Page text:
If you want to try out the Sonos system without investing a ton of money, I’d recommend getting the One speaker or the cheaper Play:1 speaker (sans microphone for Alexa) for every room you’d like to connect. For a modest upgrade, the Play:3 speaker offers stereo drivers. The Play:5 is a more premium option with 80 watts of power, enough for a medium-sized room on its own. Connected home users should opt for the Sonos One speaker for most smaller applications.
If you’re ready to invest quite a bit more into your system, the Playbase and Playbar (same basic speakers, different form factor) can integrate with your TV setup, as can the Alexa-enabled Beam and the Sub (subwoofer). But in all cases, it might be simpler or cheaper to use the Connect hardware to wire in your existing speakers to your Sonos system. The Connect uses standard RCA audio cables or an optical connection, while the more expensive Connect:Amp can use older equipment with its standard speaker wire connection and dedicated subwoofer line. You might as well, since the Sub costs a whopping $700 on its own.
Getting a few Sonos speakers together costs several hundred dollars even on the cheap end. If you’re hoping for something less expensive, just get some low-cost connected home gadgets and spread them around, using the speakers you already own or budget models from another supplier. Amazon’s Alexa system or Google’s Home and Chromecast combo are ideal for this purpose.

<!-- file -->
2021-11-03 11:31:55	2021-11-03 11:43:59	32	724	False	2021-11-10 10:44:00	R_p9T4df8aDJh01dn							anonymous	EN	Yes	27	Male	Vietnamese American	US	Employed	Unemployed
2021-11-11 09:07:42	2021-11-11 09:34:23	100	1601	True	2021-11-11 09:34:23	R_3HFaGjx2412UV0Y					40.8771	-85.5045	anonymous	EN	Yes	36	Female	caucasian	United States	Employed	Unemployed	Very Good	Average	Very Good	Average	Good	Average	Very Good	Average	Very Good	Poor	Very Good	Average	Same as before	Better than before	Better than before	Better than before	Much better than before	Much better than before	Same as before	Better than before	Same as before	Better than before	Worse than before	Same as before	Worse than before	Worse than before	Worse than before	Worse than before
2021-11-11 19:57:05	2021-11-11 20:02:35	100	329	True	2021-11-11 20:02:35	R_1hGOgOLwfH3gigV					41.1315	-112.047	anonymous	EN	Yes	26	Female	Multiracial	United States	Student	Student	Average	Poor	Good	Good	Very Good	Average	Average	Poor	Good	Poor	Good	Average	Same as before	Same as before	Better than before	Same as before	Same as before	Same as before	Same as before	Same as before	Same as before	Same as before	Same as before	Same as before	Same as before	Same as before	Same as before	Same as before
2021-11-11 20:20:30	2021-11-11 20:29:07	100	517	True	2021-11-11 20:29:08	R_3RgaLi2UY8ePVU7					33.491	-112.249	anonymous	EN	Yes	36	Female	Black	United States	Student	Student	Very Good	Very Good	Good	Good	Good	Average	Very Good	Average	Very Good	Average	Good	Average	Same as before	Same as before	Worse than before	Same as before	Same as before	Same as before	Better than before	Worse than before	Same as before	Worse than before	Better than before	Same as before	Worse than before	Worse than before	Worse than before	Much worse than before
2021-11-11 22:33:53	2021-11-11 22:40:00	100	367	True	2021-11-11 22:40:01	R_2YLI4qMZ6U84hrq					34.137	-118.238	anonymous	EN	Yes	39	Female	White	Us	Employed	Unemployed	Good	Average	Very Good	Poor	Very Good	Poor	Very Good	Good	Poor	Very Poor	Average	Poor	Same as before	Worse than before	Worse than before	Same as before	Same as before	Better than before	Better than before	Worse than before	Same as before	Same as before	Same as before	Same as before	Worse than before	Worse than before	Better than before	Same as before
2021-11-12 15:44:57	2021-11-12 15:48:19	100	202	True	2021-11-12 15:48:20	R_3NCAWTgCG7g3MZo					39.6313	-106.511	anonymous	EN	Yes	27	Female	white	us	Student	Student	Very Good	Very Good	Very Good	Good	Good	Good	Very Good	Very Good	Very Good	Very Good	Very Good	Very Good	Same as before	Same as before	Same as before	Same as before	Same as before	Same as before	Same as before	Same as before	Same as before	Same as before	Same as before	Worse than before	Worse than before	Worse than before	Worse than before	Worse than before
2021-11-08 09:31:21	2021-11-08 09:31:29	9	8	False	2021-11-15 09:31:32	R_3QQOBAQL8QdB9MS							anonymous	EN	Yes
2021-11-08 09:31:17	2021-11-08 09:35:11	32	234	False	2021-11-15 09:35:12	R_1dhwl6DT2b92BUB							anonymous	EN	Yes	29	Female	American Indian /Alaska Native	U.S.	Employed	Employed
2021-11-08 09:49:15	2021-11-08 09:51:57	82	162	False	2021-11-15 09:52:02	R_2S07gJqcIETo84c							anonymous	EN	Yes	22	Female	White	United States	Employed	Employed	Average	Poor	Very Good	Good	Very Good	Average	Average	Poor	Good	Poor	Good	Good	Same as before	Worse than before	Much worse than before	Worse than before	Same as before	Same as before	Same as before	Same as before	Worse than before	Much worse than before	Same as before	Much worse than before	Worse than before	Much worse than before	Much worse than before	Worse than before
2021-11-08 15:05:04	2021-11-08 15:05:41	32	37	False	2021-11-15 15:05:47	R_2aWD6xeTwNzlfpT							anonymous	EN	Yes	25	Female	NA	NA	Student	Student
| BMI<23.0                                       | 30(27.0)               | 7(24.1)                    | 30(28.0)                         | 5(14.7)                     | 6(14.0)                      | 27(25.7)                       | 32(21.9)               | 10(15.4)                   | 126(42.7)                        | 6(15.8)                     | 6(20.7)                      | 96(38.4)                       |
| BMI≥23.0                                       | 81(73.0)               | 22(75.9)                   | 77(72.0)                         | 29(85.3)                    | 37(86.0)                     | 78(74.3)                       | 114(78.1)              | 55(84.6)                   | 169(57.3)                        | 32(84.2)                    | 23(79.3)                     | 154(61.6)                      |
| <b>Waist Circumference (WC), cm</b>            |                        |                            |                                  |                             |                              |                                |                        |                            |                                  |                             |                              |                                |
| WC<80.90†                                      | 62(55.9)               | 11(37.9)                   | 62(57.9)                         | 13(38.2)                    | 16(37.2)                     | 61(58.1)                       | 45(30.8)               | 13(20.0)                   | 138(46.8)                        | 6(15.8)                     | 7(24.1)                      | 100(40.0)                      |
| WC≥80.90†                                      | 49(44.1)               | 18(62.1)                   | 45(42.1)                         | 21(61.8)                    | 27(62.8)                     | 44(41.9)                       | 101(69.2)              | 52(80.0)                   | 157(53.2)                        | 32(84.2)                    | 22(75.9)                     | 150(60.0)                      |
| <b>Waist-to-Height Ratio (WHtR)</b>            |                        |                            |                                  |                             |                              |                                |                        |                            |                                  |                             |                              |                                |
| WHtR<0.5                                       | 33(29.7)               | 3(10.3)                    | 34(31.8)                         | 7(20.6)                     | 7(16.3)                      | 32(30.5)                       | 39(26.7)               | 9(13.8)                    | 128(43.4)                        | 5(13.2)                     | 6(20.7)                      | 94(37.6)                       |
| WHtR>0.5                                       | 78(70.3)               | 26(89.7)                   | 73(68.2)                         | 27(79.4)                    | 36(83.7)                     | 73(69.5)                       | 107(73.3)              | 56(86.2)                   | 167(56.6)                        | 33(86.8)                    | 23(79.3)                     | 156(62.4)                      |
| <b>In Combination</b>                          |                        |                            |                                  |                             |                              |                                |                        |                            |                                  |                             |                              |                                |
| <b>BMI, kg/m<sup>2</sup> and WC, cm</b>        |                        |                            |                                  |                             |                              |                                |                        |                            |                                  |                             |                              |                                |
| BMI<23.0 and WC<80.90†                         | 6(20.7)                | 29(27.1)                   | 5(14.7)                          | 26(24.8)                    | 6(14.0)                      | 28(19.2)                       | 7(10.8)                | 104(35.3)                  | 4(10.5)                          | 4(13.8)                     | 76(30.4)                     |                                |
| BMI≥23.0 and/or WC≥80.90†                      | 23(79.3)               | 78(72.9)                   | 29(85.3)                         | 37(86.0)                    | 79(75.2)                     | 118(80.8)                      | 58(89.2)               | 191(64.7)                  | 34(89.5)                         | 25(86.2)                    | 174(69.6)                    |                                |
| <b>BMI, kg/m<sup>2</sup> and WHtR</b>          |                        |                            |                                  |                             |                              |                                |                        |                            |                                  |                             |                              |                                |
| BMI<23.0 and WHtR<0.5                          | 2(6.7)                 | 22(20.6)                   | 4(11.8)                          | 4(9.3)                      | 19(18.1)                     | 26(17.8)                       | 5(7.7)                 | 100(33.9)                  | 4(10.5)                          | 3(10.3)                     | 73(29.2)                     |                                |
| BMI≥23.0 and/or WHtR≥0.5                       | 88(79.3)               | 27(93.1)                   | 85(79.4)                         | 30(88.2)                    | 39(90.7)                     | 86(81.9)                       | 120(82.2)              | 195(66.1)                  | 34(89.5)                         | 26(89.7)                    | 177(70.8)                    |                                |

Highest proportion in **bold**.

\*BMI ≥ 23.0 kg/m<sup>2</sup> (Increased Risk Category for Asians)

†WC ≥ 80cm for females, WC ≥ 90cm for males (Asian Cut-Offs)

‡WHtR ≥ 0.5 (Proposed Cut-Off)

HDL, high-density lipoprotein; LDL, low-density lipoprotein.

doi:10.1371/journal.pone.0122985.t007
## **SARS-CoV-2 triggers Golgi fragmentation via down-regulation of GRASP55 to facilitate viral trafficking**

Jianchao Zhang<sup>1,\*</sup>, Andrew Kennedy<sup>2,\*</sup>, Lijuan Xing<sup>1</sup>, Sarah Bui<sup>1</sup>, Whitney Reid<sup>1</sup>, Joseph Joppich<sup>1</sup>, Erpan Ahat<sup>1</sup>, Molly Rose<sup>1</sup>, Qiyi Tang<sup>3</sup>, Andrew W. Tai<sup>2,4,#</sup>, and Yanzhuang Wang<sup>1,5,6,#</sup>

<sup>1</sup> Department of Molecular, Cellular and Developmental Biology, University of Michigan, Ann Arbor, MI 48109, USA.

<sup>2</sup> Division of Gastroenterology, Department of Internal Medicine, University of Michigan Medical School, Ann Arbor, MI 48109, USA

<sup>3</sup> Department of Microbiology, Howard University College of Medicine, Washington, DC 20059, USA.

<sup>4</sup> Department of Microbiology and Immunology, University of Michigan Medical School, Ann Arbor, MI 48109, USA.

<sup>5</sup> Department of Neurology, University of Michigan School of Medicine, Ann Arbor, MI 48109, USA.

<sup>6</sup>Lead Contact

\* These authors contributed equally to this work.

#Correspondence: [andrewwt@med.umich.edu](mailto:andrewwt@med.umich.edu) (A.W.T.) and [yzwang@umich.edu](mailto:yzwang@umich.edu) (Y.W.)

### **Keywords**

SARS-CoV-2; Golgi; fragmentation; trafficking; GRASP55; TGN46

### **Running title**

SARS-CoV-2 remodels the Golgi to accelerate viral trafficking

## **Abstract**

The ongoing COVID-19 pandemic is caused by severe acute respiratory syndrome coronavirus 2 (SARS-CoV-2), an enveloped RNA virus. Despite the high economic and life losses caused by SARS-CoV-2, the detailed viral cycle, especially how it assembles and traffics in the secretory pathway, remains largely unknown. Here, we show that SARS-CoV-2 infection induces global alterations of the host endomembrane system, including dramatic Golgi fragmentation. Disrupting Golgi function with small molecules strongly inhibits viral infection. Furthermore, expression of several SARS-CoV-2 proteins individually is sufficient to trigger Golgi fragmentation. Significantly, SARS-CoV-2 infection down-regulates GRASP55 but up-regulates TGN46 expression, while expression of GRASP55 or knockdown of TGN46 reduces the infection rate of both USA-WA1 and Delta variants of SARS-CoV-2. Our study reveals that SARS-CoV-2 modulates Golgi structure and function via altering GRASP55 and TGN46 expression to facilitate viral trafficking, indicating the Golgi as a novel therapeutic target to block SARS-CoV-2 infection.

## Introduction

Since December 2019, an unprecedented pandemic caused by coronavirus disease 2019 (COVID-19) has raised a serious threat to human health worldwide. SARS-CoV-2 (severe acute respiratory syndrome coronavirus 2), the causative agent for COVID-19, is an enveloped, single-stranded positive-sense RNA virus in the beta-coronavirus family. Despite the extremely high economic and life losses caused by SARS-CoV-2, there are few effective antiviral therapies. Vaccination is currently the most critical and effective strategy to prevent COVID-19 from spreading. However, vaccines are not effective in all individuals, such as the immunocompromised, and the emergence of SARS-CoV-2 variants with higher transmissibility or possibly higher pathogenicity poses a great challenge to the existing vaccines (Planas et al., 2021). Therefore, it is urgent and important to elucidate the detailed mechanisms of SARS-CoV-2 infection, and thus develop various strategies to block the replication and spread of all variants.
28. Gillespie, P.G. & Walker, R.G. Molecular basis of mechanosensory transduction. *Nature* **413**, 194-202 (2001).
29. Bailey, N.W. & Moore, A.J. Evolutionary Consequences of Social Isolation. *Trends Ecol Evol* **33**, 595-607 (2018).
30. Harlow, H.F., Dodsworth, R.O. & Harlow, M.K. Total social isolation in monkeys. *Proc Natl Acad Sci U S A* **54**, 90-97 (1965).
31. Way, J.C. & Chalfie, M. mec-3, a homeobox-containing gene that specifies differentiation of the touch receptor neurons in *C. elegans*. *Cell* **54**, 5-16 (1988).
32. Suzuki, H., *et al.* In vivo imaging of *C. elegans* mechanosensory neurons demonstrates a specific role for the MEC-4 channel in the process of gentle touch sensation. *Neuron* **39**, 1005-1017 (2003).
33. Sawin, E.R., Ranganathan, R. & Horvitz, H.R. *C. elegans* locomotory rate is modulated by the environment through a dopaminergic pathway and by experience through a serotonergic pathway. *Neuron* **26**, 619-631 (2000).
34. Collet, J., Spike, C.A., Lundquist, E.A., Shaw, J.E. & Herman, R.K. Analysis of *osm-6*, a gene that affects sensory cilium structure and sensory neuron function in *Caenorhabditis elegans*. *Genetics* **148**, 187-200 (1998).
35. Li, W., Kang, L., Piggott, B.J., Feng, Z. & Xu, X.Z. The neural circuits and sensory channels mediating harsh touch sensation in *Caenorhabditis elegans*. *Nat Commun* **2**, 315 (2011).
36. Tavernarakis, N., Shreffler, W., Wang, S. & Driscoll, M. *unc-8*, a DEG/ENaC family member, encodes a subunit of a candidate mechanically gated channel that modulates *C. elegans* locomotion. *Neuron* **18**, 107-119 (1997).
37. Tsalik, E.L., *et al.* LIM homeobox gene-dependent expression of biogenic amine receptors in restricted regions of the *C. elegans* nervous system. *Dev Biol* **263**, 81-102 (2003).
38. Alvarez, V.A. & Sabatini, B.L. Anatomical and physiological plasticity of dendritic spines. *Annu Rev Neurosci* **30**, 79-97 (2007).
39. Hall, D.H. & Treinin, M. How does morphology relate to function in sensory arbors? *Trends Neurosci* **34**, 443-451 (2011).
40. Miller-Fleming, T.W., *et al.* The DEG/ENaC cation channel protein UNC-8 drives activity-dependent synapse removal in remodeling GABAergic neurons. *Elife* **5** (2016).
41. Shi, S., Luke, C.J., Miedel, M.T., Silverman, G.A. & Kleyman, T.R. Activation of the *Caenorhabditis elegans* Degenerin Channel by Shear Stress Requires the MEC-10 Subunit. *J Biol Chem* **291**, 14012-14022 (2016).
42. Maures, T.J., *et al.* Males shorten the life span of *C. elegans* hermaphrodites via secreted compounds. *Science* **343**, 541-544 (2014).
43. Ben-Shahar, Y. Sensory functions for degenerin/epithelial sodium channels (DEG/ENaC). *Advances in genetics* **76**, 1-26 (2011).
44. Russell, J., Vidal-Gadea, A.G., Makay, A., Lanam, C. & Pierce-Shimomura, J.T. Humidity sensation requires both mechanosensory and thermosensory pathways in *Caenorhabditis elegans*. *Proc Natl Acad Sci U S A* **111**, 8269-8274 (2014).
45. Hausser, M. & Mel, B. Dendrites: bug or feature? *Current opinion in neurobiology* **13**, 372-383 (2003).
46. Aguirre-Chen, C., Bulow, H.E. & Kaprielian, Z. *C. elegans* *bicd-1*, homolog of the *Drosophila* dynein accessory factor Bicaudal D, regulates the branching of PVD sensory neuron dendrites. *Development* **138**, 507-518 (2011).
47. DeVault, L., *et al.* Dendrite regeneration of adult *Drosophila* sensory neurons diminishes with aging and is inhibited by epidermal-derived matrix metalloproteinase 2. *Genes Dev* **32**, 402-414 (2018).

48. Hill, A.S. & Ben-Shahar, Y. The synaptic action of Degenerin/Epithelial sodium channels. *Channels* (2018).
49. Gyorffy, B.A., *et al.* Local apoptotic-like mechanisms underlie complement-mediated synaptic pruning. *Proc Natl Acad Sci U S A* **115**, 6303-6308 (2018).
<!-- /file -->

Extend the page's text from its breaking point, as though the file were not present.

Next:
Both Alexa and Assistant support features similar to Sonos, allowing users to send audio from either a central phone app or a simple voice command to the entire home, or to a single speaker in any given room. Both even include the capability to group speakers in one or more rooms together. Note that, unlike Sonos, Alexa and Google Home can only play audio via supported services, and don’t integrate with surround sound TV setups.
To get started with the least amount of investment, choose either Alexa or Google Home, then select the most inexpensive connected speaker in each bunch. For Amazon’s system that’s the Echo Dot, the $40 gadget that includes a low-power speaker, microphone for voice commands, and a standard audio connection to larger speakers. Google’s setup is a little different: you can opt for either the Home Mini with a built-in microphone and speaker, or the Chromecast Audio with a dedicated audio-out connection but no speaker or mic of its own. Once they’re set up on your home Wi-Fi network, you can assign them to rooms or groups and play music through the Alexa or Google Home phone app, or use voice commands on your phone or connected speakers.
Upgrading to more robust sound is as simple as going for the bigger Echo or Home speaker units, or just adding more connections with the cheaper hardware. If you already have speakers you can connect, or you don’t need hi-fi sound, you should be get audio throughout a three bedroom home (plus a living room and kitchen) for around $200. Choosing between Alexa and Home is more dependent upon which one you’re comfortable with than the capabilities of each service—they’re fairly competitive with each other.